In the late 90s, she was adjudged one of America’s leading physicians. Dr. Elizabeth Ofili is reputed for her work which helped explain heart disease risks among African Americans. In medical history, she is described as a professor of medicine and a renowned cardiologist. This feat wasn’t achieved on a silver platter. When she arrived in the United States in the early eighties as a trained physician from Nigeria, the system did not accord her the recognition deserving of her intellect, but she was undaunted and determined to prove herself.
Dr. Ofili attended Ahmadu Bello University, where she had her medical education. To be recognized in the U.S. medical system, she decided to further her education in public health at Johns Hopkins University in Baltimore, Maryland. In 1983, she earned her public health degree and continued her internal medicine residency at Oral Roberts University in Tulsa, Oklahoma, where she furthered her research fellowship.
Years later, she was selected as a cardiology fellow at the Washington University Medical Center in St. Louis, Missouri, where she was appointed as an adjunct assistant professor of medicine in the Division of Cardiology, according to cf medicine. When she got her certification in both internal medicine and cardiovascular diseases, she headed to Moorehouse School of Medicine in 1994, where she was appointed associate professor of medicine and chief section of cardiology. She later became a well-accomplished professor in 1999.
When Dr. Ofili became a director and principal investor of the National Institutes of Health Clinical Research Center at Morehouse, one of her prime goals was to develop and upgrade the university’s research infrastructure. When she received funding from federal and private grants for this objective, she prioritized research into heart diseases among African Americans and broke new frontiers of knowledge in this area.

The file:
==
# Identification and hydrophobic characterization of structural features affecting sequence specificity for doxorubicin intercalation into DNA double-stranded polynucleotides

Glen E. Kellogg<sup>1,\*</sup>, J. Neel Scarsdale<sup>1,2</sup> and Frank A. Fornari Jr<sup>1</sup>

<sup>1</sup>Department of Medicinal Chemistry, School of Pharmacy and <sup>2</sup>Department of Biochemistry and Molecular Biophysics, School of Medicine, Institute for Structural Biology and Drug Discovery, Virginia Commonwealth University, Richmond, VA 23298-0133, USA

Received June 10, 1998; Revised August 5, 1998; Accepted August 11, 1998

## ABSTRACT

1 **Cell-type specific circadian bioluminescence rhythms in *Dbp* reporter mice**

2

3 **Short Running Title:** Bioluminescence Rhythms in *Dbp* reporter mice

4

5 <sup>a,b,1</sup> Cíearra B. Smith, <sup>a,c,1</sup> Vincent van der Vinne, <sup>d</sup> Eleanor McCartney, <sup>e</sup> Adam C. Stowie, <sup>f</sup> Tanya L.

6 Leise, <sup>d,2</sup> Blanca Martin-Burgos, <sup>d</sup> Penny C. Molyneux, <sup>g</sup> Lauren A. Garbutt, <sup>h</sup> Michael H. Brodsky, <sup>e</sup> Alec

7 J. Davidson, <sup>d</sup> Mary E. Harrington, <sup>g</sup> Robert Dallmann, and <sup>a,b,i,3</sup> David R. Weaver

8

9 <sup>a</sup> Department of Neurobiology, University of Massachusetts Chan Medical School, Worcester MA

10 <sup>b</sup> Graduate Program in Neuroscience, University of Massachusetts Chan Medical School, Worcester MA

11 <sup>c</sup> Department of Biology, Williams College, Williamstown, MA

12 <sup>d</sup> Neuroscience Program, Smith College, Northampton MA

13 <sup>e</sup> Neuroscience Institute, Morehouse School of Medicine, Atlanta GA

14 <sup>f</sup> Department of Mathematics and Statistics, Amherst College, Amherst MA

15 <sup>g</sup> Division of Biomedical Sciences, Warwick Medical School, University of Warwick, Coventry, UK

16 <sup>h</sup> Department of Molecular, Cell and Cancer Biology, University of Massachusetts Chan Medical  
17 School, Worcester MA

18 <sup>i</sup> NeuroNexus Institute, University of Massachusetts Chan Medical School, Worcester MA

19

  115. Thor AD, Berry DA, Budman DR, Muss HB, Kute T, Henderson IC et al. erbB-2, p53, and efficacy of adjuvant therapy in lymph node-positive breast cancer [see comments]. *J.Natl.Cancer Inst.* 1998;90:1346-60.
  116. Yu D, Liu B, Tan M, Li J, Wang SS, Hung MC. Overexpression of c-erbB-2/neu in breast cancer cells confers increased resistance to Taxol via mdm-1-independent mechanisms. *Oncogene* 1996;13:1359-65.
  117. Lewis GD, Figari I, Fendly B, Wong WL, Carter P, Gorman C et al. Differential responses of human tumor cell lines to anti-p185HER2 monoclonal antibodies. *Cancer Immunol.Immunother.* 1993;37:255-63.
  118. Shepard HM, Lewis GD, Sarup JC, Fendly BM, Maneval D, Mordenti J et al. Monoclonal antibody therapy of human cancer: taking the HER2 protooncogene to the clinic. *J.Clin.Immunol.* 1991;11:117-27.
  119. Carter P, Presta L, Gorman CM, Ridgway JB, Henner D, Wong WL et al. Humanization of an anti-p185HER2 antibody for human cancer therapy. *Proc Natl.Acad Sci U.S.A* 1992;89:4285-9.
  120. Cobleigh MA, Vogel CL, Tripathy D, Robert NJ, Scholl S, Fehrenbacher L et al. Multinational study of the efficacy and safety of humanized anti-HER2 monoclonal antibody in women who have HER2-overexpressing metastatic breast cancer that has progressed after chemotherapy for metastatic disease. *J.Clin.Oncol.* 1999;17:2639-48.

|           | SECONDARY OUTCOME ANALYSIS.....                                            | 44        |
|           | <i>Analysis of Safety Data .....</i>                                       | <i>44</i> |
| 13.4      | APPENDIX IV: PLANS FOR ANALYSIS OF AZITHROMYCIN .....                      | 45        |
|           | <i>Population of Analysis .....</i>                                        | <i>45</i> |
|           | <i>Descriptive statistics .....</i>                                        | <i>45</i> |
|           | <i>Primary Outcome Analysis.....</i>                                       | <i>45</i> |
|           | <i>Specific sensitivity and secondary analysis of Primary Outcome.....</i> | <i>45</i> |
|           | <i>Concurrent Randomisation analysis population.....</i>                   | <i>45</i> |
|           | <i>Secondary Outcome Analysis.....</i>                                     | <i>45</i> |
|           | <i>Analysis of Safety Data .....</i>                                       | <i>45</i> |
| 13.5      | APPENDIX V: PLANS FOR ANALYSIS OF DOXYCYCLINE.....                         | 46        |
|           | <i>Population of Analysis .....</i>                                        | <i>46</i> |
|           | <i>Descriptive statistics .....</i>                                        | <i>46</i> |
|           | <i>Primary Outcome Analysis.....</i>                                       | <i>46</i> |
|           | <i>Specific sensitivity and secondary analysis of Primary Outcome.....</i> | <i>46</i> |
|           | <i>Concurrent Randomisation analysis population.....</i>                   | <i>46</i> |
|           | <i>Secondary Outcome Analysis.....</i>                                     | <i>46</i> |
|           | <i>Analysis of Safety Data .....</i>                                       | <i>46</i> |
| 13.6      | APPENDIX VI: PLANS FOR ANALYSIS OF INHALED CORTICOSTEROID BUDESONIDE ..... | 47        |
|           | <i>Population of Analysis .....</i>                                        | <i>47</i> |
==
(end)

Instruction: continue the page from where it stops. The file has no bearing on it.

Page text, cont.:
Her expertise earned her another job to research for the National Aeronautics and Space Administration’s Space Medicine and Life Sciences Research Center. At NASA, she looked into vascular responses in salt-sensitive and salt-resistant individuals, and the effects of microgravity on the vascular system.
Dr. Ofili is celebrated today for her expertise in the field of echocardiography, where sound waves are used to study the heart and how it functions. She was awarded by the American Society of Echocardiography and Mallinckrodt Cardiology in 1993 for her work on echo studies of myocardial blood flow and became the first woman to serve as president of the Association of Black cardiologists.
She is married to the chief of nephrology at Morehouse School of Medicine, Dr. Chamberlain Obialo, with four children, and serves on the board of trustees of the Educational Commission for Foreign Medical Graduates and the Pfizer Women’s Health Initiative. Her mentors are Doctors Roger Bitar, Art Hagan, Art Labovitz, and Morton Kern. Overall, her parents are her biggest cheerleaders; they always told her she could achieve anything if she set her heart to it.